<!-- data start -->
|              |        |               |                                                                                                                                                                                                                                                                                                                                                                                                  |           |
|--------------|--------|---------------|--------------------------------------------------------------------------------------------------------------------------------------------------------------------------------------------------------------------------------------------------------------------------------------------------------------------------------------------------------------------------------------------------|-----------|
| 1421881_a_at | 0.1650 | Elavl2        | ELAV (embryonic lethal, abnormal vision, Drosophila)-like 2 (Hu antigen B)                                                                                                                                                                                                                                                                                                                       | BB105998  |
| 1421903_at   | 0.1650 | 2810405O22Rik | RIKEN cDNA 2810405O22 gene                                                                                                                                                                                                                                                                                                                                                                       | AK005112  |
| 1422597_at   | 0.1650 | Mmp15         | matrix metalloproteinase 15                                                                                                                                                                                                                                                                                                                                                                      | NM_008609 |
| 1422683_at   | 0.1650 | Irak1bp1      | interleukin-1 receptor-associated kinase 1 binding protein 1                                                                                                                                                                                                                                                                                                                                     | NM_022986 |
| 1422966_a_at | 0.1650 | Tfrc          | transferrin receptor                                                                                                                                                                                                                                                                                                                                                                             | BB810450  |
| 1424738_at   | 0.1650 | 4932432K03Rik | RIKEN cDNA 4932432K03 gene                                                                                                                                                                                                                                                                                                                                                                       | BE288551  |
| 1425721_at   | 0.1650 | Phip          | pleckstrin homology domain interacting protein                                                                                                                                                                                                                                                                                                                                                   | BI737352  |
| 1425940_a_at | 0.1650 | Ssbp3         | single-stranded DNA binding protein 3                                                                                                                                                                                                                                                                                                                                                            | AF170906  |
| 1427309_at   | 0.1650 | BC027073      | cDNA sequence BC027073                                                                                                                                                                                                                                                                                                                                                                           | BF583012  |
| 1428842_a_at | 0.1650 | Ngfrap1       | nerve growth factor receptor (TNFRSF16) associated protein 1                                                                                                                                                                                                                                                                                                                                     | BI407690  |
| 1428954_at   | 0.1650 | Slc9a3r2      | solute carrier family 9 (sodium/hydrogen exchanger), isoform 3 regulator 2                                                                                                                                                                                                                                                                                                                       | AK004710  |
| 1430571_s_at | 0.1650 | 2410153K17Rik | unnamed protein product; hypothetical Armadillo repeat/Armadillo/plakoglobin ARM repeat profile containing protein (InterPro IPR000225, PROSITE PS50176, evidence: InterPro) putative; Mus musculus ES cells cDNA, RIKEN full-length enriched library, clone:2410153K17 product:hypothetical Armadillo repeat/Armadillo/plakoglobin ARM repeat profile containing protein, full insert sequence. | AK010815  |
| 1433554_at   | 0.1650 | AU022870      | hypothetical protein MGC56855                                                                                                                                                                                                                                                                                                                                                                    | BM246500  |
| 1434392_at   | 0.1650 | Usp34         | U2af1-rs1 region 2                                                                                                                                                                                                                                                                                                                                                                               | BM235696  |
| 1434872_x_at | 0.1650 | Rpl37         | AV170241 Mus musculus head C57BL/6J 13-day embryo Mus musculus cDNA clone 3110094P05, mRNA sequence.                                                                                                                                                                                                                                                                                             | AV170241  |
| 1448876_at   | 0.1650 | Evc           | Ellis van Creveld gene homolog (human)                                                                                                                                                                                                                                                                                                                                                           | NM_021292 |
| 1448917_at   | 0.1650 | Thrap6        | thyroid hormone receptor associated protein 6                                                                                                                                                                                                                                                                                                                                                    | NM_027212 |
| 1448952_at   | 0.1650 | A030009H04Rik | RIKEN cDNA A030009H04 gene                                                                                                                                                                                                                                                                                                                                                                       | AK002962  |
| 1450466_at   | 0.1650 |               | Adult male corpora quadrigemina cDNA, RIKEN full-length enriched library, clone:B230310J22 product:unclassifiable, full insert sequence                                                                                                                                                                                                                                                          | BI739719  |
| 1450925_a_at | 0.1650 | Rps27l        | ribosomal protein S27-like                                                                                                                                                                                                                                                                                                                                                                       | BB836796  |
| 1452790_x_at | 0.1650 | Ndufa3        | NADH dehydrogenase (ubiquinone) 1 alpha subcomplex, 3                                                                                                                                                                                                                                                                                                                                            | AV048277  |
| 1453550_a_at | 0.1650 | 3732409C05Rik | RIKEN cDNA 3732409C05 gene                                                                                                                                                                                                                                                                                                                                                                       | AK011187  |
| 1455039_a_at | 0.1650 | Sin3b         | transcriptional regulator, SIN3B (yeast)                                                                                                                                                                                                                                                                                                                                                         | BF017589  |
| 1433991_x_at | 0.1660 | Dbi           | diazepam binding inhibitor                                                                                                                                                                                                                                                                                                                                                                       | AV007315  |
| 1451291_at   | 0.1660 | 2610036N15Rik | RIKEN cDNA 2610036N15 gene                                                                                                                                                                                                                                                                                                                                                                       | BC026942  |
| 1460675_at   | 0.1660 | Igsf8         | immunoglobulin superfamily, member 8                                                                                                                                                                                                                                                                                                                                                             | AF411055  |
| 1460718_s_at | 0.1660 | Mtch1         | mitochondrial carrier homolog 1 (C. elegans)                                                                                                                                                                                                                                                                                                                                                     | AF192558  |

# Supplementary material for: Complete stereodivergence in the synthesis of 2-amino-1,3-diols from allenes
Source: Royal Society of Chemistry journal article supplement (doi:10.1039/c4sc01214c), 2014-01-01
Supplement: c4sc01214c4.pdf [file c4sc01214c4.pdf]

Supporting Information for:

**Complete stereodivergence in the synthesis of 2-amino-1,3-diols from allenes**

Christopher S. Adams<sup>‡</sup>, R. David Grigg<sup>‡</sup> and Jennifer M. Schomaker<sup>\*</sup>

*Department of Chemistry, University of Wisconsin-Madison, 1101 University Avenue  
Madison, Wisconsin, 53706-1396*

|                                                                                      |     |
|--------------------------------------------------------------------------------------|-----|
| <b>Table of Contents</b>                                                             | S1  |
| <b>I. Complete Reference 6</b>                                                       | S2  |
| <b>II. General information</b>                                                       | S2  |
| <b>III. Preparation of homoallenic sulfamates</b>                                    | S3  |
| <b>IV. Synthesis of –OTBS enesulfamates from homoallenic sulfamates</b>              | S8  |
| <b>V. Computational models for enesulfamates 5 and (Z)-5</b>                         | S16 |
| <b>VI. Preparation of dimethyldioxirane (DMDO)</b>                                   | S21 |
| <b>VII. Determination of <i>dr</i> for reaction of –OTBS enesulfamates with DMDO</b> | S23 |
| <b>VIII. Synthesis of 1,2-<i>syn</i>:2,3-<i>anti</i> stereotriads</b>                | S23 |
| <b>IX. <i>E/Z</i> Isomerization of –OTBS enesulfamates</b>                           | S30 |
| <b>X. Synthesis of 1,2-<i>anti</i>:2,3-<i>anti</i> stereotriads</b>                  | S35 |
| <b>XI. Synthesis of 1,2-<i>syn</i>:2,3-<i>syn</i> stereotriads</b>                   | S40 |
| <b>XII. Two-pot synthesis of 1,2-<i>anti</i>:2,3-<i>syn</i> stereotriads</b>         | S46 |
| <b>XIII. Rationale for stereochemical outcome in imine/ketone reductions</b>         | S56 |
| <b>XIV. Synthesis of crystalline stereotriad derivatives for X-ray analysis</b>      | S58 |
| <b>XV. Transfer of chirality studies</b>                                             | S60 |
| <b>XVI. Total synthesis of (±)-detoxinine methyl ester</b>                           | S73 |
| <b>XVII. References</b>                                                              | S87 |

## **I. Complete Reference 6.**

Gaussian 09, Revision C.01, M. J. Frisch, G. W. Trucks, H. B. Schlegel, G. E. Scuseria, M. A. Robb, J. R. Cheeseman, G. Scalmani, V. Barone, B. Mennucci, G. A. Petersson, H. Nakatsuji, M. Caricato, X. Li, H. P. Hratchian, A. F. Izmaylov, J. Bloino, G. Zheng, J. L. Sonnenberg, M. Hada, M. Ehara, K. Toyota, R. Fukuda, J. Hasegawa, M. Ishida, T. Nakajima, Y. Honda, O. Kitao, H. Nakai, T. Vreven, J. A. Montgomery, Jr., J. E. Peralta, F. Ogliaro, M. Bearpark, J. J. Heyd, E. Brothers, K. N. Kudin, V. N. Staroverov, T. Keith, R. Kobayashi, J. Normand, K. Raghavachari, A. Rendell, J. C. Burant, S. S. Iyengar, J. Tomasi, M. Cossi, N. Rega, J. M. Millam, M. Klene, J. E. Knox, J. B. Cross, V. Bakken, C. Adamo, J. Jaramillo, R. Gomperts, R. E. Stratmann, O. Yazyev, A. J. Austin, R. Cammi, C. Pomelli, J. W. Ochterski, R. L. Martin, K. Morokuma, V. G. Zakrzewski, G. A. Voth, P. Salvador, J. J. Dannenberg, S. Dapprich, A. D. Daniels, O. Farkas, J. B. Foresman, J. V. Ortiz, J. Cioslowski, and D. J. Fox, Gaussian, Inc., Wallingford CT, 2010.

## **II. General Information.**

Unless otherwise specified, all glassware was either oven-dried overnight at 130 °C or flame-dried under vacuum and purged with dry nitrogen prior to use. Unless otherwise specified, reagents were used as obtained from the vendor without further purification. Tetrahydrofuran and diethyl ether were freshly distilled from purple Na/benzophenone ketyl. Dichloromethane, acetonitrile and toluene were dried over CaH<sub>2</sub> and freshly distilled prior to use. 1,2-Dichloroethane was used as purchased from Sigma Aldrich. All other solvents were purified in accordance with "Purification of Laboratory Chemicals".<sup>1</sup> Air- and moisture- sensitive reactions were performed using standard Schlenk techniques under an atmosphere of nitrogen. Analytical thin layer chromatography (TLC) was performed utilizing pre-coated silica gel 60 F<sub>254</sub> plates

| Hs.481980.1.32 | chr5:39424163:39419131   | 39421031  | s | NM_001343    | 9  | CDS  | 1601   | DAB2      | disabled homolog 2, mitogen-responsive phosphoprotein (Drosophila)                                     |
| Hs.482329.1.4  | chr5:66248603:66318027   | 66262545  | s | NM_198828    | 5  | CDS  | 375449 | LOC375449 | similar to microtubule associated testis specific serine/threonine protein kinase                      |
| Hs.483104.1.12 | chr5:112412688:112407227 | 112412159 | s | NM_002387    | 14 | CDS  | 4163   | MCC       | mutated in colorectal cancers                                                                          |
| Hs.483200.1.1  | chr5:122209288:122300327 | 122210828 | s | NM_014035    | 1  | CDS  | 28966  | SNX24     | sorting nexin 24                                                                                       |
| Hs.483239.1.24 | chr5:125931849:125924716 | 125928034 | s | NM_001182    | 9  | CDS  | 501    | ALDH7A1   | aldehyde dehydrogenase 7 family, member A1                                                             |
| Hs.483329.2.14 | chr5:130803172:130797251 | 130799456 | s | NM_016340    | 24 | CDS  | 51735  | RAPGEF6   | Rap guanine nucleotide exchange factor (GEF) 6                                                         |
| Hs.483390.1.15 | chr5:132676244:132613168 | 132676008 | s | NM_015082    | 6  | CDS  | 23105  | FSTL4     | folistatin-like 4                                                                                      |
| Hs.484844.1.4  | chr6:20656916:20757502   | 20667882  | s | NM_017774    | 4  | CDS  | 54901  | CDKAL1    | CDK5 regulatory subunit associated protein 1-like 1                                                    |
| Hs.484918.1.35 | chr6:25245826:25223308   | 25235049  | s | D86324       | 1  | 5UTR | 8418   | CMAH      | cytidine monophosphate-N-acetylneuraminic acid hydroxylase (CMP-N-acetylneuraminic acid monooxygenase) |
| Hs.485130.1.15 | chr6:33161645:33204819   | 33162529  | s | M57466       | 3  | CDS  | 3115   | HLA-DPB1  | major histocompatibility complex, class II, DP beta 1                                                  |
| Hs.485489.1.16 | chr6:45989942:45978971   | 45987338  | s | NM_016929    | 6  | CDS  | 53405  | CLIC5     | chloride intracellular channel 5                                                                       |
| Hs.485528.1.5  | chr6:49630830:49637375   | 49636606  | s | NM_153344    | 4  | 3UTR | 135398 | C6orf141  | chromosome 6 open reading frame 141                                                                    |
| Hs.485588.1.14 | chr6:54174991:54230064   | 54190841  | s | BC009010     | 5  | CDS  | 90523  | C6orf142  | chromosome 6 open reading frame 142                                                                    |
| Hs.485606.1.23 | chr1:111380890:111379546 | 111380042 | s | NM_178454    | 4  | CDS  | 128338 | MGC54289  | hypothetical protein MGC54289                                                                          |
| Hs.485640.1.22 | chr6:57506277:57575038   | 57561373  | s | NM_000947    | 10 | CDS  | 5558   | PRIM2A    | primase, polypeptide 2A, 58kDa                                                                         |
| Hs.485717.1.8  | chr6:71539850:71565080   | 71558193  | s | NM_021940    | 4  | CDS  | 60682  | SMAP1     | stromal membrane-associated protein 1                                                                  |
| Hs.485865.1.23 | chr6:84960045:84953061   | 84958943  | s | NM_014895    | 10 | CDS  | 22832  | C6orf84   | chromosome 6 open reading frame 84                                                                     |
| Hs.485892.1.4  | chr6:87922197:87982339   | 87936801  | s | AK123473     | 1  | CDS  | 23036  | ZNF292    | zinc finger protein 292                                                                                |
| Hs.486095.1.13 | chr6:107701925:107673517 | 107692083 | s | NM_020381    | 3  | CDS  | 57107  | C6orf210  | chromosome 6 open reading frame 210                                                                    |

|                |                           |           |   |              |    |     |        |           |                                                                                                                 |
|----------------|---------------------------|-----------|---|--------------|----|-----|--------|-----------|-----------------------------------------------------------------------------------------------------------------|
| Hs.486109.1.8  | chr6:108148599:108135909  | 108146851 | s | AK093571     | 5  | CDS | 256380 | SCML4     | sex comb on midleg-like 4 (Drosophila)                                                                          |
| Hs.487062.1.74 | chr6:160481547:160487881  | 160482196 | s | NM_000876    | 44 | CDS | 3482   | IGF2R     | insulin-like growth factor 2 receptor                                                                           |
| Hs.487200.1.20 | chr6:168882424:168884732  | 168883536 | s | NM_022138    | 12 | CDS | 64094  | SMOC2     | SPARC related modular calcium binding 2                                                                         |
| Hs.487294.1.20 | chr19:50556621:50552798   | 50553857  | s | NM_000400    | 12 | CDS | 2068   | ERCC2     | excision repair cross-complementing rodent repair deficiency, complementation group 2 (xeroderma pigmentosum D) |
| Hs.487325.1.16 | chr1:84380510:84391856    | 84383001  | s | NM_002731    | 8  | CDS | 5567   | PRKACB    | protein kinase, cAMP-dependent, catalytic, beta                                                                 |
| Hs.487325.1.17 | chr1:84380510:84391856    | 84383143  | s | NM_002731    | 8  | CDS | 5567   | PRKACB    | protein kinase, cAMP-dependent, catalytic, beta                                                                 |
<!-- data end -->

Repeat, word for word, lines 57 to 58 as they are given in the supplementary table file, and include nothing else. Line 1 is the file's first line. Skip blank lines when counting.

| <b>XVII. References</b>                                                              | S87 |

## **I. Complete Reference 6.**